Anyone wonder if we’ll be charged for the “improvement“.

What mass shooters have in common

❝ For two years, we’ve been studying the life histories of mass shooters in the United States for a project funded by the National Institute of Justice, the research arm of the U.S. Department of Justice. We’ve built a database dating back to 1966 of every mass shooter who shot and killed four or more people in a public place, and every shooting incident at schools, workplaces, and places of worship since 1999. We’ve interviewed incarcerated perpetrators and their families, shooting survivors and first responders. We’ve read media and social media, manifestos, suicide notes, trial transcripts and medical records.

❝ Our goal has been to find new, data-driven pathways for preventing such shootings. Although we haven’t found that mass shooters are all alike, our data do reveal four commonalities among the perpetrators of nearly all the mass shootings we studied…

❝ So what do these commonalities tell us about how to prevent future shootings?

One step needs to be depriving potential shooters of the means to carry out their plans. Potential shooting sites can be made less accessible with visible security measures such as metal detectors and police officers. And weapons need to be better controlled, through age restrictions, permit-to-purchase licensing, universal background checks, safe storage campaigns and red-flag laws — measures that help control firearm access for vulnerable individuals or people in crisis.

I come from a hunting and gun-owning family. The immediate generations before me – in my father’s family alone there were at least 7 who worked for firearms manufacturers. No big deal in industrial Southern New England.

I lived through periods of practically zero gun regulation. I lived through periods nearly equivalent to most of what’s asked for by people of conscience and good sense, nowadays. I’m still a gun owner.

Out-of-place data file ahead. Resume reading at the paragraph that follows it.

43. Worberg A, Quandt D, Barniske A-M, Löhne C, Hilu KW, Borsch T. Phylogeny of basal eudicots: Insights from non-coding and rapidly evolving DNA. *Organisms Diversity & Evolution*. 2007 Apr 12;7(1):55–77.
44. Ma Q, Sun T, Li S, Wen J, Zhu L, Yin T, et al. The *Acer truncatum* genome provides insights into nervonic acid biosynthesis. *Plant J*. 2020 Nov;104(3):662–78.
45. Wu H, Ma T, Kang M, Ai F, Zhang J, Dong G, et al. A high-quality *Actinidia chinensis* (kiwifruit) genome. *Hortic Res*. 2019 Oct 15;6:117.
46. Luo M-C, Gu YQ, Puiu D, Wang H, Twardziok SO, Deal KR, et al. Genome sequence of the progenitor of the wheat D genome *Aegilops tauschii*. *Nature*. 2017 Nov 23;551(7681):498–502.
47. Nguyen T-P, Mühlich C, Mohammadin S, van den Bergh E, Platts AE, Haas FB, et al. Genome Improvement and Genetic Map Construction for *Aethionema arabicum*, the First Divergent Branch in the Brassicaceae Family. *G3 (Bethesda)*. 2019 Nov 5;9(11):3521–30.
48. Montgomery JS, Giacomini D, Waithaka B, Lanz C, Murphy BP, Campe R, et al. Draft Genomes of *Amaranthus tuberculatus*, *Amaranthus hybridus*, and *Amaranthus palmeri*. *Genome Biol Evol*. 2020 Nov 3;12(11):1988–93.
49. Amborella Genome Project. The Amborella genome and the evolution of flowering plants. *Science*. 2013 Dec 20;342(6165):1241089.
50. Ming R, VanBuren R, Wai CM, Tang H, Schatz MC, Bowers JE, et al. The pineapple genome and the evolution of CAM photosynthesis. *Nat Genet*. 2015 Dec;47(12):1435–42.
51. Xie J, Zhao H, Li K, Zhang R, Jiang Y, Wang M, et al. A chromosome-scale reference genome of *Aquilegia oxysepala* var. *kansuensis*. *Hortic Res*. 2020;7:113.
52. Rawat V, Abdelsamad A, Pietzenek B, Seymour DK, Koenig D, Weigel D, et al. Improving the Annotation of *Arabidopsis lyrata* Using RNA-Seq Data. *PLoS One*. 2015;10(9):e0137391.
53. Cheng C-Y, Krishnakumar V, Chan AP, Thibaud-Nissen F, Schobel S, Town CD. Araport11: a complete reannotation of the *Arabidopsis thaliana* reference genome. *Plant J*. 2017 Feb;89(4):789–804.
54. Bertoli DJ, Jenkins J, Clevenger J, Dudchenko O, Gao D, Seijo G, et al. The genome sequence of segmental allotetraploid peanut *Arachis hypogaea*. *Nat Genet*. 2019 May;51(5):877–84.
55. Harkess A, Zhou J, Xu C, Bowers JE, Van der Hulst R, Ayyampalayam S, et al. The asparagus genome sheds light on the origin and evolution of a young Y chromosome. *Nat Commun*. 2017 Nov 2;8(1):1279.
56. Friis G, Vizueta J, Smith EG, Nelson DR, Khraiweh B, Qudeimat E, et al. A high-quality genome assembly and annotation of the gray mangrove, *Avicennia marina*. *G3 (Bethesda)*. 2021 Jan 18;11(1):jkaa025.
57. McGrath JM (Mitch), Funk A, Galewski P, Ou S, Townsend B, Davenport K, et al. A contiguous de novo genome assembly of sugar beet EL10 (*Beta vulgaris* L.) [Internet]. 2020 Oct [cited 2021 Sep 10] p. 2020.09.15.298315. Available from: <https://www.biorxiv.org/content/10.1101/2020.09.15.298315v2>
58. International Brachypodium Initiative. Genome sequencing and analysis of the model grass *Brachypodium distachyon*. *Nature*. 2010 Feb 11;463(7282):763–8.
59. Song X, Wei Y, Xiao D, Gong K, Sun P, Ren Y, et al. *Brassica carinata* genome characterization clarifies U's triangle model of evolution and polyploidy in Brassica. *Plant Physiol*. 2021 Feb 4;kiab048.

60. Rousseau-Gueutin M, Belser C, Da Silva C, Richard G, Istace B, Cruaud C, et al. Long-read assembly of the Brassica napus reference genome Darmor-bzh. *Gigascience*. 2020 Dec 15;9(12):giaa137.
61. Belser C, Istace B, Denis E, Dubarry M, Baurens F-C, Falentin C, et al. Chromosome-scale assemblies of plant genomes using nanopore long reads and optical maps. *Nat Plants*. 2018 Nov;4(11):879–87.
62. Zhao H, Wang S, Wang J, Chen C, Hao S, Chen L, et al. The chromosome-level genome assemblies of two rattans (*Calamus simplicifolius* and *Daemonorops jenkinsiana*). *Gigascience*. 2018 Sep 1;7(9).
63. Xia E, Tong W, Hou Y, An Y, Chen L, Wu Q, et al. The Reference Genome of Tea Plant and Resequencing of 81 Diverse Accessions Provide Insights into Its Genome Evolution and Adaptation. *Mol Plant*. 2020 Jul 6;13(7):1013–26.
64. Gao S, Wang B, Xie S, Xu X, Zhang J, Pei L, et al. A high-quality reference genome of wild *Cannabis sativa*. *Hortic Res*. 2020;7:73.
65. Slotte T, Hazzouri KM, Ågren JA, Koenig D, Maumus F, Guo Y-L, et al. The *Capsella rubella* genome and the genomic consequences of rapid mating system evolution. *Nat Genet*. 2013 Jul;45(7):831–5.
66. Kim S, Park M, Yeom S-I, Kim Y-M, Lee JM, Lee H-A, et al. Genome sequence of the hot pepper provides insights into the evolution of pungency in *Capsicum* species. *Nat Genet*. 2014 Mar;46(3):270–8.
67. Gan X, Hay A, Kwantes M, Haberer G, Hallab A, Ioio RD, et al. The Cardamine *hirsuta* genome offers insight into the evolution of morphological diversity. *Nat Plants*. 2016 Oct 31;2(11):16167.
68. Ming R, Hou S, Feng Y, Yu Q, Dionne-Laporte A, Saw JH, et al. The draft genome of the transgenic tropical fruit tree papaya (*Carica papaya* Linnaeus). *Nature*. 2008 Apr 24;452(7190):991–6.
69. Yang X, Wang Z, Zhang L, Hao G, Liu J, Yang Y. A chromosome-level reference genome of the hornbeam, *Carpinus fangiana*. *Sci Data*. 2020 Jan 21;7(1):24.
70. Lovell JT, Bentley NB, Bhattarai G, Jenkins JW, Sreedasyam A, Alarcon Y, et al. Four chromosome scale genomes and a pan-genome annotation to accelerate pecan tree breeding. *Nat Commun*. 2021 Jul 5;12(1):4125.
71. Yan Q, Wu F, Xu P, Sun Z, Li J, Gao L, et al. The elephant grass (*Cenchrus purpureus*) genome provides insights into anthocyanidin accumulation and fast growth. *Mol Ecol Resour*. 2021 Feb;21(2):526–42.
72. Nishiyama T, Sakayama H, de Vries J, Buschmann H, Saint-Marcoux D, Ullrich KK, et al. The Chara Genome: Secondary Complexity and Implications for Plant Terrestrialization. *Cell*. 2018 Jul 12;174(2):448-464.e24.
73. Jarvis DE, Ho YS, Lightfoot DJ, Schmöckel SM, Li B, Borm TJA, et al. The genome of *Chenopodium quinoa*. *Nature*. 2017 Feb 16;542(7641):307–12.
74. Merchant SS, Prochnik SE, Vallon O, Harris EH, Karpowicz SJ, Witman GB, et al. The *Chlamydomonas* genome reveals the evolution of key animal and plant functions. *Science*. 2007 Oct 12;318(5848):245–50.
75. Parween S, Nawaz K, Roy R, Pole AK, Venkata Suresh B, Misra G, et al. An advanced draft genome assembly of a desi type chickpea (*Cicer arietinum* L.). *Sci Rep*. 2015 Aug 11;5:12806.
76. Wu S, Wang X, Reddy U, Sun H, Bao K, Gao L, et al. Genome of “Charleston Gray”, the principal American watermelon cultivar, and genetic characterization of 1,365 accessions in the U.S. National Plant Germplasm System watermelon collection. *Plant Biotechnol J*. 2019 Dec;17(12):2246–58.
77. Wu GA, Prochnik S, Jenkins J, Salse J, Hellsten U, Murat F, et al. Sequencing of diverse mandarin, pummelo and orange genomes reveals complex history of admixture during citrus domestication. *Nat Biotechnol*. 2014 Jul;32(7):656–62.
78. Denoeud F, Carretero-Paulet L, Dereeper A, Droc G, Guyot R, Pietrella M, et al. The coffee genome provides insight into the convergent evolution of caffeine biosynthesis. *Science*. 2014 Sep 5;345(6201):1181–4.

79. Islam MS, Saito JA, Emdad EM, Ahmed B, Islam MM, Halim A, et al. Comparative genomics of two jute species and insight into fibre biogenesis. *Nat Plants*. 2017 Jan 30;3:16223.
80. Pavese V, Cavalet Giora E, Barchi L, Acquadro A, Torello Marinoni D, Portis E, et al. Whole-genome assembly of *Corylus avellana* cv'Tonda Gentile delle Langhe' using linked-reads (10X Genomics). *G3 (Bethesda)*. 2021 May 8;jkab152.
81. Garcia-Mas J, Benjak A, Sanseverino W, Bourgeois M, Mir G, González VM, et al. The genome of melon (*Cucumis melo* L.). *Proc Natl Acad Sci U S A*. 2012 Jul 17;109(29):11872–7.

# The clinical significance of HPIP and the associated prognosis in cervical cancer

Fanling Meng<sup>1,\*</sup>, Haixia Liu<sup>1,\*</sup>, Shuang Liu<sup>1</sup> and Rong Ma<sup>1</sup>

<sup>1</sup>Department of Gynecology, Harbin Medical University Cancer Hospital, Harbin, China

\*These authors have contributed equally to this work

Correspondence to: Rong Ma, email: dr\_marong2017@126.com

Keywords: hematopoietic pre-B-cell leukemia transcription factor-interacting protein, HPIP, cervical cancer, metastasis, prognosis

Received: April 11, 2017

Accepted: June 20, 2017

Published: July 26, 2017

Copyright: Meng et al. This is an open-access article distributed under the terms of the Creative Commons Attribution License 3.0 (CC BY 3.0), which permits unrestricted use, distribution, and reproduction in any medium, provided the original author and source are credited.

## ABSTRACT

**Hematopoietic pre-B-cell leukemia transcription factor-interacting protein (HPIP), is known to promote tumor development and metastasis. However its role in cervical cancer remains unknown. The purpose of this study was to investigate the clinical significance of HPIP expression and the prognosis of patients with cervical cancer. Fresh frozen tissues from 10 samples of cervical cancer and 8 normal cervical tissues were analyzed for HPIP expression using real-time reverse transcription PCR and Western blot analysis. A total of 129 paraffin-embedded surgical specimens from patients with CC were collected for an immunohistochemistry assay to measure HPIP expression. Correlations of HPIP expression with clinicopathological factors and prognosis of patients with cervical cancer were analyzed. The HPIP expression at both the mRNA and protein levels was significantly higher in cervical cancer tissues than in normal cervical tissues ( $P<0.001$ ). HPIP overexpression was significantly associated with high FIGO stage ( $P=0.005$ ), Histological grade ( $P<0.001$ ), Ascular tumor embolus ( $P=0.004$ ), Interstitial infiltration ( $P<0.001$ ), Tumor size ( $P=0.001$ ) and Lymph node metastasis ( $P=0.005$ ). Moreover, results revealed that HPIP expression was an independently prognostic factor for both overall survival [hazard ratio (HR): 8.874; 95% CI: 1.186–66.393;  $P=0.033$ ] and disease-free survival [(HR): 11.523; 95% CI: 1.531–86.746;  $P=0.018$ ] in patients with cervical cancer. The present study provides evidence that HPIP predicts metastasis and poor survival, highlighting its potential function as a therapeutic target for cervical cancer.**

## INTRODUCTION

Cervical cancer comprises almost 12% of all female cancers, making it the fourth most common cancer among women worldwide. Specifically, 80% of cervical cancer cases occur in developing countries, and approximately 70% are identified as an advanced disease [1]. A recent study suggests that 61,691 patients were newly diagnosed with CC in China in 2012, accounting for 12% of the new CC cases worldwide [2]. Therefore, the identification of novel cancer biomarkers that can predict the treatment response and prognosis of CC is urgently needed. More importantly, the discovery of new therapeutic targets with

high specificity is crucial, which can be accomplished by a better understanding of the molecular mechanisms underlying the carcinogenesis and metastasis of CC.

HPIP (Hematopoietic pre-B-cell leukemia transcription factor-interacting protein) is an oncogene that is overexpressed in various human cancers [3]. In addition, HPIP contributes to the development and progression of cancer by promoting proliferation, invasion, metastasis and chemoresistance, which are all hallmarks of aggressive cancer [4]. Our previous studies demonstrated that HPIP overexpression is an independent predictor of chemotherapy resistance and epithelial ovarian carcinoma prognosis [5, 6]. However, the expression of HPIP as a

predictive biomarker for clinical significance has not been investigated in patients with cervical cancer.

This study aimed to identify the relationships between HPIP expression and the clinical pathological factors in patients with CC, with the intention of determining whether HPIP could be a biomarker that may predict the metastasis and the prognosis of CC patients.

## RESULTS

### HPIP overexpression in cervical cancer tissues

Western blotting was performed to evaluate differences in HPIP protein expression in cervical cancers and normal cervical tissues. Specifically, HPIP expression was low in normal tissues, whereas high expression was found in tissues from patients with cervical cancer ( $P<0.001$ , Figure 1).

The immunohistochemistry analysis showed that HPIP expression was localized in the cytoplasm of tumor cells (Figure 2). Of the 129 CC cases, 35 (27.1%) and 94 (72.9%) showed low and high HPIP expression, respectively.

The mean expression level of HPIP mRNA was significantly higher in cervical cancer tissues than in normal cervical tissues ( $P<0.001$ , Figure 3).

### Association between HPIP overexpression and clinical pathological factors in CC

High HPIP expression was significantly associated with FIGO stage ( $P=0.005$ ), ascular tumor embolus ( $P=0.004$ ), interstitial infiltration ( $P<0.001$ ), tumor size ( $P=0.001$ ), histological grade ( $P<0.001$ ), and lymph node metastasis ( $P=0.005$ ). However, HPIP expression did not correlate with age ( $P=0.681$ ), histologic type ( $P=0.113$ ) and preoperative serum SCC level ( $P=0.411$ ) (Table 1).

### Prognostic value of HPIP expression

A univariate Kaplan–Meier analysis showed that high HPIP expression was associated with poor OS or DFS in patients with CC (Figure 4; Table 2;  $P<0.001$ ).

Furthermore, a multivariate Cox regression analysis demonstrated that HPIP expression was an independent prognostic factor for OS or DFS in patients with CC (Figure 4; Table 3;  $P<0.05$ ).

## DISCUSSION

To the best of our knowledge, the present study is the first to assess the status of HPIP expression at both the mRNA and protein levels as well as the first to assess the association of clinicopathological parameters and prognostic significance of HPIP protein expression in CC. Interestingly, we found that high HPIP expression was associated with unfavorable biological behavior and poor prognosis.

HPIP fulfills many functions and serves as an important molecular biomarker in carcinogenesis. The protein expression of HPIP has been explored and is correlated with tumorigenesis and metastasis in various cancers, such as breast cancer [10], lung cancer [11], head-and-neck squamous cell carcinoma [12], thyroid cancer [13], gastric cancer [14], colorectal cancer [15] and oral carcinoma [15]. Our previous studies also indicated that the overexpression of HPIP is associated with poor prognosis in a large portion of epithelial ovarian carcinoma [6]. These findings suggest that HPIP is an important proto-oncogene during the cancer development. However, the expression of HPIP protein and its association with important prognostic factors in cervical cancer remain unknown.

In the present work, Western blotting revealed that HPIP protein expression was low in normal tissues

My life and lifestyle wasn’t altered in the least by those regulations. Personally, I support a return to those strictures. Personally, I think those who use fear of regulation as an excuse for lousy politics are intellectually dishonest, deceiving no one other than themselves and their sympathizers.

America After Trump

❝ As of this writing, Trump seems highly likely to survive impeachment itself. Many Republican senators fear him even more than they hate him, making 67 Senate votes a high hurdle. Predicting impeachment’s effect on his electoral prospects is tricky, but even in the most favorable scenarios, Trump’s 2020 map is tough. His campaign seems to accept that he will almost certainly lose the popular vote again, and probably by an even bigger margin than in 2016. Trump’s most plausible plan for reelection is to hope that, by inflaming the racial fears of white voters, he can hold most of his 2016 states and possibly flip a couple of others. To do this, he must activate intergroup hatred on a scale not seen since George Wallace—and never considered by an incumbent president since Andrew Johnson.

It might work. The damage Trump could do in a second term would be substantial, and possibly irreversible—starting with the harm that would be done to the legitimacy of the American political system if he once again wins the Electoral College while losing the popular vote…

❝ But what if, as seems more likely at this point, he is defeated? If Trump loses, a cloud will lift from American politics. But the circumstances that produced him will not vanish—and the changes that he wrought will outlast him. Like Lewis Carroll’s Cheshire cat, when Donald Trump fades from the scene, his teeth will linger after him—but unlike the cat’s, those teeth will not be smiling. They will bite and draw blood for years to come…

Even a roundly defeated Trump will bequeath a hard legacy to his Democratic successor, however: fiscal deficits in excess of $1 trillion for years to come; no-win trade wars, not only against China but against the European Union and other friends…under current fiscal and political conditions, a costly progressive agenda stands little chance of being enacted. Medicare for All? Student-debt relief? There won’t be money for those—nor, more pertinent, the votes in the Senate.

RTFA. It’s long, detailed, only a bit wordy – but, hey, it’s David Frum telling the truth from the viewpoint of a conservative willing and able to fight for bipartisan legislation helpful to ordinary folks.